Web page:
American Elm (Ulmus americana) can be told at a glance by its general branching habit. The limbs arch out into a wide-spreading fan or vase-like crown which loses itself in numerous fine drooping branchlets. The elm prefers a deep, rich and moist soil, but will adapt itself even to the poor soil of the city street.

We do not realize how far and widely, or how near and narrowly, we are to look. The greater part of the phenomena of Nature are for this reason concealed from us all our lives. The gardener sees only the gardener’s garden. Nature does not cast pearls before swine. There is just as much beauty visible to us in the landscape as we are prepared to appreciate,—not a grain more. We cannot see anything until we are possessed with the idea of it, take it into our heads,—and then we can hardly see anything else. This is the history of my finding a score or more of rare plants, which I could name. A man sees only what concerns him. A botanist absorbed in the study of grasses does not distinguish the grandest Pasture Oaks. How much more, then, it requires different intentions of the eye and of the mind to attend to different departments of knowledge! How differently the poet and the naturalist look at objects! ~Henry D. Thoreau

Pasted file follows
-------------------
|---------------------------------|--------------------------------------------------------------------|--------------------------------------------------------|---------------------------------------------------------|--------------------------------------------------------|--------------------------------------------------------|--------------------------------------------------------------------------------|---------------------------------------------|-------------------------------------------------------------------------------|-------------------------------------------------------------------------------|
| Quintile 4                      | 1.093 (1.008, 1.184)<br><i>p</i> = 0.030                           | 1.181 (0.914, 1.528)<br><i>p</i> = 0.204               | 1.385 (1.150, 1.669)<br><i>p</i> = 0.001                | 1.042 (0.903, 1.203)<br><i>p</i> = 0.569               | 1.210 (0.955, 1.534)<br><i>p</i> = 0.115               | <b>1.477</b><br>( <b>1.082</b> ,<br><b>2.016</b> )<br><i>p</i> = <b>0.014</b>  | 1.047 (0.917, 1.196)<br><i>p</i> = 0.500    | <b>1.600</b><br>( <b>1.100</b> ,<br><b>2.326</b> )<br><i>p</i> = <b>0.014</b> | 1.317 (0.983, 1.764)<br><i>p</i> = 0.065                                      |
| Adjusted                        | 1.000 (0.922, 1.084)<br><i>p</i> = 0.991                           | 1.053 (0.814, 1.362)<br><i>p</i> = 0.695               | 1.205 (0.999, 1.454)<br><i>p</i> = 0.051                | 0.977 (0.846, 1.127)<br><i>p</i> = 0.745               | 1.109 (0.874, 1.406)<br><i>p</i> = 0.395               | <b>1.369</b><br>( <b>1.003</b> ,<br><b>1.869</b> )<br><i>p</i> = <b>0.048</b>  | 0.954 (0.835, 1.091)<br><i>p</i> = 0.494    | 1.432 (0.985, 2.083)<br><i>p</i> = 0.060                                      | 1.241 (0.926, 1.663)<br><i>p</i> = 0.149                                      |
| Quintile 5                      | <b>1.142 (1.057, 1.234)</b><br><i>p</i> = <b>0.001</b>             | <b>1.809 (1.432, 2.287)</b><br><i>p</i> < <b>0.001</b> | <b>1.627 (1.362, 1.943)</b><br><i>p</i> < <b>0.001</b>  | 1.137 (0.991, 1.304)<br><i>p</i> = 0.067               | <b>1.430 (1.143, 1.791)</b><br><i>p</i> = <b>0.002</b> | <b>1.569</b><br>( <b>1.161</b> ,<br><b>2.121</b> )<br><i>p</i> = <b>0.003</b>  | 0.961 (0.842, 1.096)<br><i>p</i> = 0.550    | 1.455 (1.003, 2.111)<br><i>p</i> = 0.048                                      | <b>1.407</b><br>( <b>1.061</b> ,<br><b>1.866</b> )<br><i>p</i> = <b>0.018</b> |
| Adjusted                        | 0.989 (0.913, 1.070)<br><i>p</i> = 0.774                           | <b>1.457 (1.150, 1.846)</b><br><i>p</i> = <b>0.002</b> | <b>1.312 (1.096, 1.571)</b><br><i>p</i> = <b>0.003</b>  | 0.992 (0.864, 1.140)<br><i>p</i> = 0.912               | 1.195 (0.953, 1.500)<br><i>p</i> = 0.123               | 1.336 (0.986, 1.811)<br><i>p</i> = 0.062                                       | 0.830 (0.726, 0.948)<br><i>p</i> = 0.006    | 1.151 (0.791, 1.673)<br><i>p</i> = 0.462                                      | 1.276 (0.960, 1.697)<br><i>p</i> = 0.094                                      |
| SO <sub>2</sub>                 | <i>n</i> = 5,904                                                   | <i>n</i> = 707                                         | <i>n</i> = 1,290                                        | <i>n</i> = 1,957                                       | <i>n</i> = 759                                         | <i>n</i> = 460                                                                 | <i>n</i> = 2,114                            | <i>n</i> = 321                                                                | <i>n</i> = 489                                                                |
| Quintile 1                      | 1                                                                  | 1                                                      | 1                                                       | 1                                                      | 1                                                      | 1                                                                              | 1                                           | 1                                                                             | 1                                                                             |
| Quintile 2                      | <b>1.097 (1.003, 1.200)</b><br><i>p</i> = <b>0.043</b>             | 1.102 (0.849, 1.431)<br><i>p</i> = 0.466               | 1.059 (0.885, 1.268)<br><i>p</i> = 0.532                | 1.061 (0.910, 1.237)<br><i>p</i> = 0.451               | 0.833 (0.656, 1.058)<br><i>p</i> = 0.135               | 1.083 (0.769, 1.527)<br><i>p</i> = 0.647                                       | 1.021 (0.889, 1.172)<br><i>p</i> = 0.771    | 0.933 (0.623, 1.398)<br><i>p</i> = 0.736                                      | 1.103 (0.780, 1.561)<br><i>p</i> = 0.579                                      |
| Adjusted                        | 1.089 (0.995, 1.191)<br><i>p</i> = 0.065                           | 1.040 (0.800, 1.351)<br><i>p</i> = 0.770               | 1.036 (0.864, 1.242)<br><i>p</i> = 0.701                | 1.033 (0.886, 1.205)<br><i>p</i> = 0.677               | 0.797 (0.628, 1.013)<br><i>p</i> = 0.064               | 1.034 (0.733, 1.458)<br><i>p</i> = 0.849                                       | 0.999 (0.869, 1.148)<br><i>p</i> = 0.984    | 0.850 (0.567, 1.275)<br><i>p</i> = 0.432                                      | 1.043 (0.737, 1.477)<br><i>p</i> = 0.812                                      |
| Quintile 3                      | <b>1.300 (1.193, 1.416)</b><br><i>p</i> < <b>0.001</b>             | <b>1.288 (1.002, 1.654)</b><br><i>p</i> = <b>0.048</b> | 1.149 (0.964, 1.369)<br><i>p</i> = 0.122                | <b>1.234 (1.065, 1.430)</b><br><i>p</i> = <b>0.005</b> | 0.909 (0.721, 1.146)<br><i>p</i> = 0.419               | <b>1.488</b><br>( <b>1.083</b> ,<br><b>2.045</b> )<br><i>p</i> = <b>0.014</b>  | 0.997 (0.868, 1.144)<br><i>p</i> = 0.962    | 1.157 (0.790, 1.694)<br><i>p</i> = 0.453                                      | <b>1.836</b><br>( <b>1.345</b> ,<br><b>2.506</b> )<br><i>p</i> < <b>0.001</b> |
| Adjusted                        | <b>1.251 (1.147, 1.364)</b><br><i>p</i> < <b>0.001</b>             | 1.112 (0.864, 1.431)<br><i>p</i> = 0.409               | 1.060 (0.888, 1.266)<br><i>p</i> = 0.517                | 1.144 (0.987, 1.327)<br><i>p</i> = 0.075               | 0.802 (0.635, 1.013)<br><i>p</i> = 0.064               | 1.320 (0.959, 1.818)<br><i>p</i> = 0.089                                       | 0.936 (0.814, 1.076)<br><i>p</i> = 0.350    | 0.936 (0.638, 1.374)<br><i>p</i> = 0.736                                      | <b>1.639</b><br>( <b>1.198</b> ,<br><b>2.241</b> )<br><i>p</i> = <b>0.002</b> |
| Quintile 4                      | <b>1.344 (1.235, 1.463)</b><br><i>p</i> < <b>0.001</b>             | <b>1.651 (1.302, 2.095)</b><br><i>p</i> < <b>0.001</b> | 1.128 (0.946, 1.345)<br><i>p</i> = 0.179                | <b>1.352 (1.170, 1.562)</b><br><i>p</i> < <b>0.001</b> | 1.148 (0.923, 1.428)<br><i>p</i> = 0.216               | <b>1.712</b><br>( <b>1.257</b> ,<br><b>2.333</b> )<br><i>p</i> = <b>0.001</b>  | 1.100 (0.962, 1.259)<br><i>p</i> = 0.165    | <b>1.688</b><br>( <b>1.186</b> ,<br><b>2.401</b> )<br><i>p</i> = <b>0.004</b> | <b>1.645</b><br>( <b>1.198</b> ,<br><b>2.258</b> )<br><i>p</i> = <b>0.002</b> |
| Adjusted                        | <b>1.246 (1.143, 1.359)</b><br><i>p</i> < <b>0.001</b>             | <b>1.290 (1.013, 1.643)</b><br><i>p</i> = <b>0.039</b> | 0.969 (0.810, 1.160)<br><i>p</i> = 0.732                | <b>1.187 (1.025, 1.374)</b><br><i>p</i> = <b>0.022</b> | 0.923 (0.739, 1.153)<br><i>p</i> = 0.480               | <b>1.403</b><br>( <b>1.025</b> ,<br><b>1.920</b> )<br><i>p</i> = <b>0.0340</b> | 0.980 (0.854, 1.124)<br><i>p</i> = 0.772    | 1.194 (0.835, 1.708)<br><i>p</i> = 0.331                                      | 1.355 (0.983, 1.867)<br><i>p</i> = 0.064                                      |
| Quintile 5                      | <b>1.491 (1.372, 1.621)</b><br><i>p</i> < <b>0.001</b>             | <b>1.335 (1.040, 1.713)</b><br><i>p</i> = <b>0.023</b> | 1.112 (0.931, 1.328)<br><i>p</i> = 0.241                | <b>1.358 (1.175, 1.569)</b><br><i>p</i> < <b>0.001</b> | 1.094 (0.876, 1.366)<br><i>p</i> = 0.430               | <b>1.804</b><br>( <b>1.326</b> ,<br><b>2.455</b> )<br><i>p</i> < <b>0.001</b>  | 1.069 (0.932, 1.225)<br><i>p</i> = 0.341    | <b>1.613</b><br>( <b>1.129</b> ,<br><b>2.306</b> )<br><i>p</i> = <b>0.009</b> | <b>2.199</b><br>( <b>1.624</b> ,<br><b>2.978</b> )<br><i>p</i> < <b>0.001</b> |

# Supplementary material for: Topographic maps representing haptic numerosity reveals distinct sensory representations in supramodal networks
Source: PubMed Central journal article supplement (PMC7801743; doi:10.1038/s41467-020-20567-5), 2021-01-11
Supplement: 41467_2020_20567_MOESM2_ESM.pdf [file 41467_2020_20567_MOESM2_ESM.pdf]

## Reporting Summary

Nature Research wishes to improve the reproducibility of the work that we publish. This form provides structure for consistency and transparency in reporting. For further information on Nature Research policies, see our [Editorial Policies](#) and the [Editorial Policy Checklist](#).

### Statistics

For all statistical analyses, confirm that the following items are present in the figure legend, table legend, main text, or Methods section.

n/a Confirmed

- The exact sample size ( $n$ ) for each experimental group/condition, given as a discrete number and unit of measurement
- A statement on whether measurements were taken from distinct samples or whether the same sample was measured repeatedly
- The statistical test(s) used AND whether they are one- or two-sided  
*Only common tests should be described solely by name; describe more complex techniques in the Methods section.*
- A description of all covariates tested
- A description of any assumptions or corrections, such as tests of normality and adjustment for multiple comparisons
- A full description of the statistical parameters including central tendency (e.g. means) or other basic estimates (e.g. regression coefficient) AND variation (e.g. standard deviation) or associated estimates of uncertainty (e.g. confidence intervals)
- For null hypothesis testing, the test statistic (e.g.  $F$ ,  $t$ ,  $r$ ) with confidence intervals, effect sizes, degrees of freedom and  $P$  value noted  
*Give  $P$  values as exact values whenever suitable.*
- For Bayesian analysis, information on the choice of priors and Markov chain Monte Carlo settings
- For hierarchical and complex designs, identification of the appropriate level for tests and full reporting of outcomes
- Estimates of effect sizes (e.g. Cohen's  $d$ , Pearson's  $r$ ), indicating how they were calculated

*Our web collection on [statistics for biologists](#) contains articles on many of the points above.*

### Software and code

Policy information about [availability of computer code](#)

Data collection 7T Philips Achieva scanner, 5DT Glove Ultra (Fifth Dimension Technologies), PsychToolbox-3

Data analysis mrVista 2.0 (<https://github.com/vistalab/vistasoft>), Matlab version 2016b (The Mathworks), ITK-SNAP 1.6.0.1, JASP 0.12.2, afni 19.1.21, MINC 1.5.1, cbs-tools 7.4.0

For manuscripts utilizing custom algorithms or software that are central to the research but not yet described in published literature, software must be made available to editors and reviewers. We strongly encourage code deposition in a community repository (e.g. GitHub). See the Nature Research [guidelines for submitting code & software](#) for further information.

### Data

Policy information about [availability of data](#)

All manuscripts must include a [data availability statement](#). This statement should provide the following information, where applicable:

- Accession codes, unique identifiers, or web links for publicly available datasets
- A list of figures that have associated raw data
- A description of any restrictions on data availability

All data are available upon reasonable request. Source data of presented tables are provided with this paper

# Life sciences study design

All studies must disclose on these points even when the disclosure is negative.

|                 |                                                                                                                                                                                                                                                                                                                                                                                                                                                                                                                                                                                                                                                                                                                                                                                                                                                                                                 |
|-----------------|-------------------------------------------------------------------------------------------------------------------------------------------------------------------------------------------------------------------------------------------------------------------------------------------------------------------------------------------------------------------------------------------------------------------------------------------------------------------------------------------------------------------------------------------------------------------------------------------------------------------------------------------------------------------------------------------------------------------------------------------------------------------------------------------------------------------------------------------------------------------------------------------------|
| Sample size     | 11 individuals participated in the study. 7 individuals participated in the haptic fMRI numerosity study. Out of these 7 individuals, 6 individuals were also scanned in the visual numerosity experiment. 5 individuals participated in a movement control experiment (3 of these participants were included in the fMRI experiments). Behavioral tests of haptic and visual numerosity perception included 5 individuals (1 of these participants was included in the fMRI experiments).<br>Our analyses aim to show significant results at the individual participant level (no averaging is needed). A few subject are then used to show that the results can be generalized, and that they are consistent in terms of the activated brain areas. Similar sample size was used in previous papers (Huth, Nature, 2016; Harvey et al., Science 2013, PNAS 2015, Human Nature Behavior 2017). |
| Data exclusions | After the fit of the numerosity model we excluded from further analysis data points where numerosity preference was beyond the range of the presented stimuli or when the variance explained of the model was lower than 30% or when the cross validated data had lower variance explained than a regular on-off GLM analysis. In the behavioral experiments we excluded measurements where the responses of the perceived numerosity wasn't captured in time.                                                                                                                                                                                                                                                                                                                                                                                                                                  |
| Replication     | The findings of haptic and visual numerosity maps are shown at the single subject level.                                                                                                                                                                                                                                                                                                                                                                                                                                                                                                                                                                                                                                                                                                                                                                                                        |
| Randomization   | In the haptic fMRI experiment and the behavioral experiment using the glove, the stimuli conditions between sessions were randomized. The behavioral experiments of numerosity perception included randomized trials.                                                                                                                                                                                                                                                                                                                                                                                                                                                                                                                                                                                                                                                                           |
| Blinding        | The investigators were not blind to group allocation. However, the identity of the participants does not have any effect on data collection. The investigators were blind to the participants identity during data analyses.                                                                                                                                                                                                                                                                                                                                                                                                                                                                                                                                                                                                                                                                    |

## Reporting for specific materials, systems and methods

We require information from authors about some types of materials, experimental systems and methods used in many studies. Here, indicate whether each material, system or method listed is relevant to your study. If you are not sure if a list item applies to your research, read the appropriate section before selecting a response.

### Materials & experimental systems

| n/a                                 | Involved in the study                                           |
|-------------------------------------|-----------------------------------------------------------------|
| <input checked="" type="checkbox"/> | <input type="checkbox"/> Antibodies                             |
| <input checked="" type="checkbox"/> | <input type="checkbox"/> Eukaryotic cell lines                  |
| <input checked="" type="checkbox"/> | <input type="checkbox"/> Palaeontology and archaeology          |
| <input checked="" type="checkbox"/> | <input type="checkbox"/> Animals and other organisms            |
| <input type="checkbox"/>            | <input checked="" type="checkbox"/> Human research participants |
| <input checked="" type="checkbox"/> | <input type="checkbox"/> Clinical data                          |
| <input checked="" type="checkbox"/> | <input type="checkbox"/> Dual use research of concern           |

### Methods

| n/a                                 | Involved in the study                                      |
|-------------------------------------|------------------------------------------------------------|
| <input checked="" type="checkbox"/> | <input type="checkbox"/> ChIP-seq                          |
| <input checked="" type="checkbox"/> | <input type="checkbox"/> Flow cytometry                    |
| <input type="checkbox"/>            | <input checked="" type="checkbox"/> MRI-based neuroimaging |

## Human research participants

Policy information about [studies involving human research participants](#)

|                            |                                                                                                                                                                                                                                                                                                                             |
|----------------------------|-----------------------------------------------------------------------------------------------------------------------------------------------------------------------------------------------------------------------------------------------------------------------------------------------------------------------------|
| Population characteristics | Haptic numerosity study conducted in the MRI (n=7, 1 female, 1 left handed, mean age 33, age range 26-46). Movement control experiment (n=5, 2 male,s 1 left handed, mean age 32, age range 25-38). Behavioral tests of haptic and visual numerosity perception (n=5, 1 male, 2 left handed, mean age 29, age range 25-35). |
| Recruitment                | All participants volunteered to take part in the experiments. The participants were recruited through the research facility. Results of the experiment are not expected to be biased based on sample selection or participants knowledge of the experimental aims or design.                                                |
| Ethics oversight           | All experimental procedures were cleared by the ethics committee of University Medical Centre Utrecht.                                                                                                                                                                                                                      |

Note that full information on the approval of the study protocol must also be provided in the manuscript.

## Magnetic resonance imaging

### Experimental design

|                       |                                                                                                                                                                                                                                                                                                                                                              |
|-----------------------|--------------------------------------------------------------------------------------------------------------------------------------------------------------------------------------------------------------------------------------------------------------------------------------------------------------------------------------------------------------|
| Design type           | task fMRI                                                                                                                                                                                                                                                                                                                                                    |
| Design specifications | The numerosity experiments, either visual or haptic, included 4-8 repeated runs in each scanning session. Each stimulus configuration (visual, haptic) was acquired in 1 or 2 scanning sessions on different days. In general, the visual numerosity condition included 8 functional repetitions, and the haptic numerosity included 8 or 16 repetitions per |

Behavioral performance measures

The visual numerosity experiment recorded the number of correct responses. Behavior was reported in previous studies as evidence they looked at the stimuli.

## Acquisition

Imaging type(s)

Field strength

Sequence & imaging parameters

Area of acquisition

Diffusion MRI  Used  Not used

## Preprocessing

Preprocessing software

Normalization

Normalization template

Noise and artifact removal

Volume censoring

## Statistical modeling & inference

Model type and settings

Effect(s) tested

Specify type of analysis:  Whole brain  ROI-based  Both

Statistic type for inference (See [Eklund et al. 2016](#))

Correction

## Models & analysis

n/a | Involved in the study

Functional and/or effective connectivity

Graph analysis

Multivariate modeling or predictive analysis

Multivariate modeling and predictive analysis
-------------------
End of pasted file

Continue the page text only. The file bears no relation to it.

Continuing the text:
The quaking aspen (Populus tremuloides),  and the black or balsam poplar also known as the balm of Gilead (Populus balsamifera) are other common members of the poplar group. The quaking aspen may be told by its reddish-brown twigs, narrow sharp-pointed buds, and by its small finely toothed leaves. The large-toothed aspen has thicker and rather downy buds and broader and more widely toothed leaves. The balsam poplar has a large bud thickly covered with a sticky, pungent, gelatinous substance. Its flowers, in the form of large catkins, a peculiarity of all poplars, appear in the early spring.

Some of the Fine Arts appeal to the ear, others to the eye. There is the art whose purpose it is to create beautiful compositions upon the surface of the ground. No replacement can be found for this artform, for it is as fine as the finest, and which demands as much of its professors in the way of creative power and executive skill as the most difficult. The parks department, herein referred to as The more perfectly the artist attains his aim, the more likely we are to forget that he has been at work. the landscape artist uses the same materials as nature herself. In what is called “natural” gardening it uses them to produce effects which under fortunate conditions nature might produce without man’s aid.